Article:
Japan should alter its military policy to allow the East Asian country to come not only to the defense of the United States but to other friendly nations as well, an important adviser to Prime Minister Shinzo Abe said in a Wednesday Reuters report.
Tokyo presently interprets its post-World War II constitution to only allow the use of military force in self-defense. However, the Abe government wants to move to a broader understanding of what constitutes "collective self-defense" that would permit, for example, Japanese missile-defense systems to be used to intercept a possible North Korean missile attack on the U.S. territory of Guam.
The right to carry out collective self defense should apply "to any country which is very close to Japan," Abe adviser Shinichi Kitaoka said in an interview.
"In other words, if that country is heavily damaged and that might bring a serious threat to Japan, then this is a situation in which Japan may consider exercising the right of collective self-defense," he said.
Kitaoka is part of a task force working on a review of Japan's defense posture. He said the report, which is anticipated to be completed in December, could advise Tokyo to acquire the ability to carry out strikes on North Korea's strategic assets to prevent an imminent missile attack.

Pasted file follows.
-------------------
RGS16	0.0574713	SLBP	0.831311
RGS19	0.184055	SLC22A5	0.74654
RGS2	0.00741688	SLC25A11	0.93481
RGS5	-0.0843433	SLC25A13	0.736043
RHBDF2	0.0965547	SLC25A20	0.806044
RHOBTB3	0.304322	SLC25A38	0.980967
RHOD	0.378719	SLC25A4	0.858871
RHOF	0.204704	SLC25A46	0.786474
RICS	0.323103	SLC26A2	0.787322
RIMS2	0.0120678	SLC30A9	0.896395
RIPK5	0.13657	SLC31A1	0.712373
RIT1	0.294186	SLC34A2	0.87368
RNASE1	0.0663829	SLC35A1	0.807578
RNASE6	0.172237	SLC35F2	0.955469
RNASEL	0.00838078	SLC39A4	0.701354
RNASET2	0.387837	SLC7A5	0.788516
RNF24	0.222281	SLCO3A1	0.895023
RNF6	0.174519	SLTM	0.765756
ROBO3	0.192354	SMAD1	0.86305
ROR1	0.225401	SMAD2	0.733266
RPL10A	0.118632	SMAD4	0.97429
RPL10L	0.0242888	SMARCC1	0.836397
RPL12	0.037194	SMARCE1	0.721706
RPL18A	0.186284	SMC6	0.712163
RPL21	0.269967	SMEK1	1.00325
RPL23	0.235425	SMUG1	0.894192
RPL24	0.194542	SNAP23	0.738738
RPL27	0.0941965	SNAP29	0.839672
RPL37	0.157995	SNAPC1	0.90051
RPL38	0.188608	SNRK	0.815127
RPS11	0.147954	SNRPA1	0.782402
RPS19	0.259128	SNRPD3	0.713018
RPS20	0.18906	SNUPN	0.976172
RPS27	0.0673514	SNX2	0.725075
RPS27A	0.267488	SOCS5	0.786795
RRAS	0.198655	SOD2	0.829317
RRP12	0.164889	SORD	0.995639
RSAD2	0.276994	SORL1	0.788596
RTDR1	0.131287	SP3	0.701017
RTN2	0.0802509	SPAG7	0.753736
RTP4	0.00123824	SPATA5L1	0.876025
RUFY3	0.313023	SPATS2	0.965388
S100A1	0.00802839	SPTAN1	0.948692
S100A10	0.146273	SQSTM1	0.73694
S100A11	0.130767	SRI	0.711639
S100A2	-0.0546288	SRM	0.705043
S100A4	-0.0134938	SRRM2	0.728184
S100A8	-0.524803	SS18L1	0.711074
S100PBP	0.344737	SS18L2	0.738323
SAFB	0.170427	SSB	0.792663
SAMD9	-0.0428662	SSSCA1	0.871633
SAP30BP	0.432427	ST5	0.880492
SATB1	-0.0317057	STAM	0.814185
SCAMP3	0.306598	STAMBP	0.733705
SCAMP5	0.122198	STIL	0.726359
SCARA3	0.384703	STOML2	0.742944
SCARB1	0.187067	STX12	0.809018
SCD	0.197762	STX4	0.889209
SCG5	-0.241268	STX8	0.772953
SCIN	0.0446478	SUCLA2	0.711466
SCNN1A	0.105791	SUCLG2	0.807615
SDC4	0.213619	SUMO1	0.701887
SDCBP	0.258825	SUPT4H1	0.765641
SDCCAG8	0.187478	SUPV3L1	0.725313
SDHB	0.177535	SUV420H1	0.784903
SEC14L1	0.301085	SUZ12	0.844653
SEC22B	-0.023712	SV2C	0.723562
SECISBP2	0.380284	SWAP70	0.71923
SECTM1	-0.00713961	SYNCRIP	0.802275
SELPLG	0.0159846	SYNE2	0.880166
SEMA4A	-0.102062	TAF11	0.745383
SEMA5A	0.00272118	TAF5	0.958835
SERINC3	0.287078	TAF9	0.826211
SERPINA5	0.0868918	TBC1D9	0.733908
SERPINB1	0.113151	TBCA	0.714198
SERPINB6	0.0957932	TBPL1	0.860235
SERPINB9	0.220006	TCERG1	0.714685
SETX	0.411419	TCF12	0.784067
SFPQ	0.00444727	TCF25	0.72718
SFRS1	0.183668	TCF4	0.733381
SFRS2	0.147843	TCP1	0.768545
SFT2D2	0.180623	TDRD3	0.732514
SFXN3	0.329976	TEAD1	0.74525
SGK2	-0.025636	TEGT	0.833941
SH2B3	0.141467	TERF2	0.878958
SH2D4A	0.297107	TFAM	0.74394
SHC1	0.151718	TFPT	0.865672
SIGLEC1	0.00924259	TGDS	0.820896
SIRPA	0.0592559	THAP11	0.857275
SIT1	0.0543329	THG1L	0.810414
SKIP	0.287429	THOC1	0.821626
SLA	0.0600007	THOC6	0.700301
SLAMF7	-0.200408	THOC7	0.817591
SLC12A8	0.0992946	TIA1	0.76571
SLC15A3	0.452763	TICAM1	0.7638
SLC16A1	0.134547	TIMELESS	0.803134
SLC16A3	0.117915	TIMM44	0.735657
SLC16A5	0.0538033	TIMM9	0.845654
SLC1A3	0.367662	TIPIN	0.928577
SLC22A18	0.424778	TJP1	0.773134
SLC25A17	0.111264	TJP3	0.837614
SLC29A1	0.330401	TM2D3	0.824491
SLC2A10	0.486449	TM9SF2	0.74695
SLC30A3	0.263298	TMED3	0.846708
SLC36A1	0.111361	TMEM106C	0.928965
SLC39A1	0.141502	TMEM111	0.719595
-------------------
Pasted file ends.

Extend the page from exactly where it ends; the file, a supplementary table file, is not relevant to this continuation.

"'Imminent attack' means there have been a lot of declarations from the adversary country on the attack, and if we find that the missile is directed at us and fueling has started, this is imminent and in this case, it is the same as an actual attack," Kitaoka said.
Providing military support to Southeast Asian nations -- a number of which have competing territory claims with China -- could become a possibility under the potential defense changes being considered, he said.
Japan's willingness to consider abandoning its pacifist doctrine has unsettled some of its neighbors, including South Korea, which still remembers its experience as a Japanese colony in the early 20th century. In order to address Seoul's concerns, Tokyo should seek its "tacit assent at least for a policy change," Congressional Research Service analyst Ian Rinehart said in a Yonhap News Agency report last week.